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Political Asymmetry and Common External Tariff in a Customs Union.*
Subhayu Bandyopadhyay a, Sajal Lahiri b and Suryadipta Roy c
We present a three-nation model, where two of the nations are members of a Customs Union (CU) and maintain a common external tariff (CET) on the third (non-member) nation. The producing lobby is assumed to be union-wide and lobbies both governments to influence the CET. The CET is determined jointly by the CU. We follow the political support function approach, where the CU seeks to maximize a weighted sum of the constituents’ payoff functions, the weights reflecting the influence of the respective governments in the CU. A central finding of this paper is that the CET rises monotonically with the degree of asymmetry in the weights if the two countries are equally susceptible to lobbying. If the weights are the same, but the respective governments are asymmetric in their susceptibilities to lobbying, the CET also rises monotonically with this asymmetry. However, an increase in one type of asymmetry, in the presence of the other type of asymmetry, may reduce the CET.
JEL Classification: F13 Keywords: Asymmetry, Customs union, Common external tariff, Politics.
a Research Officer at the Federal Reserve Bank of St. Louis, Research Division, PO Box 442, St. Louis, MO 63166-0442; and Research Fellow at IZA, Bonn; E-mail: Subhayu.Bandyopadhyay@stls.frb.org b Vandeveer Professor of Economics, Department of Economics, Southern Illinois University- Carbondale, Carbondale, IL 62901-4515; E-mail: firstname.lastname@example.org c Visiting Assistant Professor of Economics at Lawrence University, Appleton, WI 54912; E- mail: email@example.com _____________________________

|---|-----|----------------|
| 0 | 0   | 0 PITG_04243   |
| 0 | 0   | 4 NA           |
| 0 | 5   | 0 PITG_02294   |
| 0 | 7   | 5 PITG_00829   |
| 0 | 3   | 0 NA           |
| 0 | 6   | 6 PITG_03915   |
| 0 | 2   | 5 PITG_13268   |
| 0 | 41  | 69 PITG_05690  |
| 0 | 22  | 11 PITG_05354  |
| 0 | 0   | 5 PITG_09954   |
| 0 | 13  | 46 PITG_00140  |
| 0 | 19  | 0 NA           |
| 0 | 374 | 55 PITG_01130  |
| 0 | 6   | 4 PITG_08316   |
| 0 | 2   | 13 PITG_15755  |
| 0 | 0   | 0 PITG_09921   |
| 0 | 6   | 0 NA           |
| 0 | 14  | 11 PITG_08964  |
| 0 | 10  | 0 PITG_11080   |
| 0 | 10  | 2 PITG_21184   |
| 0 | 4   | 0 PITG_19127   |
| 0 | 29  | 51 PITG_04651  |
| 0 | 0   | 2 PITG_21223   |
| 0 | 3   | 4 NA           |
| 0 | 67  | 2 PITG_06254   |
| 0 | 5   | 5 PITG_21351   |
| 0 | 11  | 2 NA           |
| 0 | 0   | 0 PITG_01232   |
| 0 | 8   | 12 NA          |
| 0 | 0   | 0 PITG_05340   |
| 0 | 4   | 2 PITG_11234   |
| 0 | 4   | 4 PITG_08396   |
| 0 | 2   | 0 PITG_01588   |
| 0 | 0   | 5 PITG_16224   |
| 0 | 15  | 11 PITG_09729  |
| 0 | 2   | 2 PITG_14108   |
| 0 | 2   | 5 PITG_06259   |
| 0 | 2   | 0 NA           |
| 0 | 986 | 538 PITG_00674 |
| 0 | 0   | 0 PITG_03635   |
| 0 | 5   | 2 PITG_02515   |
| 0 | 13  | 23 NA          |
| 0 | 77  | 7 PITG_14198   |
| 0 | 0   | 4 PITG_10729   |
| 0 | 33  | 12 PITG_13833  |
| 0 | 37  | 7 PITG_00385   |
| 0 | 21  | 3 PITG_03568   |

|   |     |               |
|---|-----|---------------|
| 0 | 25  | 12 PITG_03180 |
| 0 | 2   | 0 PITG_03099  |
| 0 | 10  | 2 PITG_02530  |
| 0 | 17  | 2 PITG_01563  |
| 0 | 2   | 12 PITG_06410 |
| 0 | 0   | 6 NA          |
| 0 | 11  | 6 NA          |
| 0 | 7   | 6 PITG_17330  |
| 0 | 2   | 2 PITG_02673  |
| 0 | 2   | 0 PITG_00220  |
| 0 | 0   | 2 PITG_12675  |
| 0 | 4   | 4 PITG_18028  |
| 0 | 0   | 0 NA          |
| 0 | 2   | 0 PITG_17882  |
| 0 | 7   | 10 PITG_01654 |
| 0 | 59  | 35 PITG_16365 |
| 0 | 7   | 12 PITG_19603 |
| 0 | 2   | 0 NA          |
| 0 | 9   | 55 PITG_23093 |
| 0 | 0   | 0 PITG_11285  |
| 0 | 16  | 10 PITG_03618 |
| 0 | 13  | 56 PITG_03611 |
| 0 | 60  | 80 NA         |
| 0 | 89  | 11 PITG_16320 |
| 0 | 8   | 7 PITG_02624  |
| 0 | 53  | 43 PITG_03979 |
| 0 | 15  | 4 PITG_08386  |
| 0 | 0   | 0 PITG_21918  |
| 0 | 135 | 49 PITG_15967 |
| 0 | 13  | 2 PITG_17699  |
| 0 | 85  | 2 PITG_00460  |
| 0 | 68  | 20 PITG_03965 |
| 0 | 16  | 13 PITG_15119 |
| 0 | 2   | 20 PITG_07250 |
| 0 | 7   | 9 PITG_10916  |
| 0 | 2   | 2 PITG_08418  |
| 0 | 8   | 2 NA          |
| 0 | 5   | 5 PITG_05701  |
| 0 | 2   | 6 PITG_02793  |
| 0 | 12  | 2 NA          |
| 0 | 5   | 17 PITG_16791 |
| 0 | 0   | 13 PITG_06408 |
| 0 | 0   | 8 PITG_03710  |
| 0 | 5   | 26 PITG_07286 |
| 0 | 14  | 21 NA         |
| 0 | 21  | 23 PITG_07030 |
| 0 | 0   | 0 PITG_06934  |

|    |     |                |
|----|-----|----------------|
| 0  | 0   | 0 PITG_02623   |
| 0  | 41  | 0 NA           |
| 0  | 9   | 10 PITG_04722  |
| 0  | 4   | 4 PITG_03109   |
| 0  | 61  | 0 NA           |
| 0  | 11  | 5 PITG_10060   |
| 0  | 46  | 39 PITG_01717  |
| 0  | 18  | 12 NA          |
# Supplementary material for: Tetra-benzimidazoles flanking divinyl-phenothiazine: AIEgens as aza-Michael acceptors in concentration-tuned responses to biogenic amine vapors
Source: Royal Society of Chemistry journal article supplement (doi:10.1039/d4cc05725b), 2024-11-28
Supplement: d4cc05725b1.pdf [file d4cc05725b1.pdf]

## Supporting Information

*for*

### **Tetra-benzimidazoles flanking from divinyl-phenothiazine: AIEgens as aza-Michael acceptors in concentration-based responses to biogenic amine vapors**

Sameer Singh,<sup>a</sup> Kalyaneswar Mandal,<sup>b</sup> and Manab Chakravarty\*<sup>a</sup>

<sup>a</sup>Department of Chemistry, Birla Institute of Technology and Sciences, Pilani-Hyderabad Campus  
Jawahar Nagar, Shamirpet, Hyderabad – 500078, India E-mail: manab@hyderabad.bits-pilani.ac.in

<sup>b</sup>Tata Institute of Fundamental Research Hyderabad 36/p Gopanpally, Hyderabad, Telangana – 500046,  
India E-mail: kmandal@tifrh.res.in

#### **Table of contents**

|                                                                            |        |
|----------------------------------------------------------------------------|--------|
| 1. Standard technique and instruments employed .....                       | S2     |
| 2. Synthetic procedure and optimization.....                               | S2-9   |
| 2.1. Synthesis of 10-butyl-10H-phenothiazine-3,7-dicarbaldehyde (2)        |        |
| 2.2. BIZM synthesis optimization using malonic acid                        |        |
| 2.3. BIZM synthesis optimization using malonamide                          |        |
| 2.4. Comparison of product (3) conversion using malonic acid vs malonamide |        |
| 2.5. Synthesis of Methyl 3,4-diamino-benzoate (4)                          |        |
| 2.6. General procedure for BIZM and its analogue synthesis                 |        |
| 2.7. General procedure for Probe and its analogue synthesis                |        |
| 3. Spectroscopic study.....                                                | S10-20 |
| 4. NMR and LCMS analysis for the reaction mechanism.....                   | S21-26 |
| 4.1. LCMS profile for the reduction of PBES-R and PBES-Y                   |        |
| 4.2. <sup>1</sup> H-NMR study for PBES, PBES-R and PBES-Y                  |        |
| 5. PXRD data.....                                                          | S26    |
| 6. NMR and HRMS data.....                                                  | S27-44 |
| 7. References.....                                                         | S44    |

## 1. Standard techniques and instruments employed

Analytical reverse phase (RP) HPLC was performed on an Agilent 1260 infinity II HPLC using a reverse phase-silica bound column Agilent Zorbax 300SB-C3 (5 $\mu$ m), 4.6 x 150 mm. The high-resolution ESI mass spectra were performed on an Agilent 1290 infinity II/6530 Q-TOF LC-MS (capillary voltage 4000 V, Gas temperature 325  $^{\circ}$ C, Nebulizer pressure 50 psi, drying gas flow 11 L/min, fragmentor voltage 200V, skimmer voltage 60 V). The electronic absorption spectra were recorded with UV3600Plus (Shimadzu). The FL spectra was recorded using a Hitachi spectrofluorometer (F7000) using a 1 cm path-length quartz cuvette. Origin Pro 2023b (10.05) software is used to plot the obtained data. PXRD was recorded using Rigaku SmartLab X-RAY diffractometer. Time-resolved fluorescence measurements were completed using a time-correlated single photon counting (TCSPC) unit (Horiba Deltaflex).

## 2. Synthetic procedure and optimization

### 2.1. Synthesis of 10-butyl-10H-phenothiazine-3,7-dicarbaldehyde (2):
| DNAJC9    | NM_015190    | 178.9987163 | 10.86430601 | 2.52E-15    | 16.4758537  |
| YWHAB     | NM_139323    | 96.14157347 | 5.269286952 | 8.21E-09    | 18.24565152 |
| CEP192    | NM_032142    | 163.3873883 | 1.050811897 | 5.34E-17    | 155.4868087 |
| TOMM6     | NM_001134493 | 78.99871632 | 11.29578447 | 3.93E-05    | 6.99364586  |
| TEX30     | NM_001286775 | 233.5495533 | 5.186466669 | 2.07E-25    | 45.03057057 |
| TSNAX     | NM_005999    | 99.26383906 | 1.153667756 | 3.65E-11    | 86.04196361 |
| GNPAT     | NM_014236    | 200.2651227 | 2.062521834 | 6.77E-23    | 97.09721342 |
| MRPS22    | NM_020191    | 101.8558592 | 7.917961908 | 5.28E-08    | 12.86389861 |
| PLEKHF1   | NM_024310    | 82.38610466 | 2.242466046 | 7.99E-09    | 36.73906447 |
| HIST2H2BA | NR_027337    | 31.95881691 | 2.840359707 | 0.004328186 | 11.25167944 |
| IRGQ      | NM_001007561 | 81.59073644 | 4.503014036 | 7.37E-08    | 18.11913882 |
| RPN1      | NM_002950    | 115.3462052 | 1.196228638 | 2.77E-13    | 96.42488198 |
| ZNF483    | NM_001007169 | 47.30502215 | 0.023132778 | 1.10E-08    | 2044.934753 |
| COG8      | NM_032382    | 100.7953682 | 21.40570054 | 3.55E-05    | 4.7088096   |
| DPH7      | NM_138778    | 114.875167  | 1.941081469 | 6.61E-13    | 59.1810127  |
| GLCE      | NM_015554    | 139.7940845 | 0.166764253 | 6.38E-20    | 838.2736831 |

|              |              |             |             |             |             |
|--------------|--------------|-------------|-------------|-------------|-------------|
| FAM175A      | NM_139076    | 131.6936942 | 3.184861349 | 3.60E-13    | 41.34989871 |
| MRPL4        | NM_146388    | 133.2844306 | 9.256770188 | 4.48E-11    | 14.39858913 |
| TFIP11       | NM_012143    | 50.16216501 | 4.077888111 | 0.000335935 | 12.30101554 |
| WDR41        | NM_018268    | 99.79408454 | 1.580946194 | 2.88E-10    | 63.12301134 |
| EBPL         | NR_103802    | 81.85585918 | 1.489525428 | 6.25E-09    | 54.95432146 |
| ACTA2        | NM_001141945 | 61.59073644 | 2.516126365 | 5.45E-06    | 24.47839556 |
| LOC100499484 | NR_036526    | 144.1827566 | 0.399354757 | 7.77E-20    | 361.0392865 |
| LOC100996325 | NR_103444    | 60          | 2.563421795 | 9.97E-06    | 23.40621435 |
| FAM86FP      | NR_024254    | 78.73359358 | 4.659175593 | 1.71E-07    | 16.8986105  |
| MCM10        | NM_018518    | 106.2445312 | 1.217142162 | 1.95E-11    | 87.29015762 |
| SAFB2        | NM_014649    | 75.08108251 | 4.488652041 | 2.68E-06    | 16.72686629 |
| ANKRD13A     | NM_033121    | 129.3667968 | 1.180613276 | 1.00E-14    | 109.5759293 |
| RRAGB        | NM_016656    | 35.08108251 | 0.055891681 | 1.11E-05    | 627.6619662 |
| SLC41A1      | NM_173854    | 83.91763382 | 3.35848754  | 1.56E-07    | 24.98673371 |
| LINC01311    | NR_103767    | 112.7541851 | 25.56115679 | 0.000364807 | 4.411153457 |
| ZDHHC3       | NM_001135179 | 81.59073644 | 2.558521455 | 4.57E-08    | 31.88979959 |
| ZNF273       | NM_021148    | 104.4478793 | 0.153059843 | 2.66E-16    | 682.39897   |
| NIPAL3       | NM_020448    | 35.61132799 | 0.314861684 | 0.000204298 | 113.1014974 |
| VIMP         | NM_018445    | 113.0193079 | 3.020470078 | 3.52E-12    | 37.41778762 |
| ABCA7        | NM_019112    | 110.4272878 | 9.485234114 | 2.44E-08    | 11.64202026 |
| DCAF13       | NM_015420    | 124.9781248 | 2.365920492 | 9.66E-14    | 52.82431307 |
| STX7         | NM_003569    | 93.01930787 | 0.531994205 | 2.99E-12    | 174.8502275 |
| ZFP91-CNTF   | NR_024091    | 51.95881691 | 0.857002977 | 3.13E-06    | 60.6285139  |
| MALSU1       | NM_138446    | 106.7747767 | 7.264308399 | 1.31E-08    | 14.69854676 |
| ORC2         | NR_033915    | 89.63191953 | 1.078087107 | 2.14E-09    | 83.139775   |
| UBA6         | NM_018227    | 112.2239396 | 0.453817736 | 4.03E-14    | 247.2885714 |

* The views expressed are those of the authors and do not necessarily represent official positions of the Federal Reserve Bank of St. Louis or of the Federal Reserve System. Partial funding for this research was provided by the Kennedy-Vanscoy Fund for Faculty Development in the College of Business and Economics, West Virginia University. Thanks are due to Devashish Mitra and Todd Sandler for their comments at early stages of writing this paper. The usual disclaimer applies.
There has been a proliferation of preferential trading agreements in all parts of the world.
Prominent among them are the NAFTA and the EU. In the former arrangement, member nations
have free trade between them, but set their tariffs on non-members independently. This is an
example of a Free Trade Area (FTA). On the other hand, EU is organized along the lines of a
Customs Union (CU), where, in addition to intra-bloc free trade, the members set a common
tariff on non-members (i.e., the common external tariff - CET). The CET is determined jointly
by the member nations, with different members having different levels of influence on the
decision making. Efforts exercised by different members in the decision making are also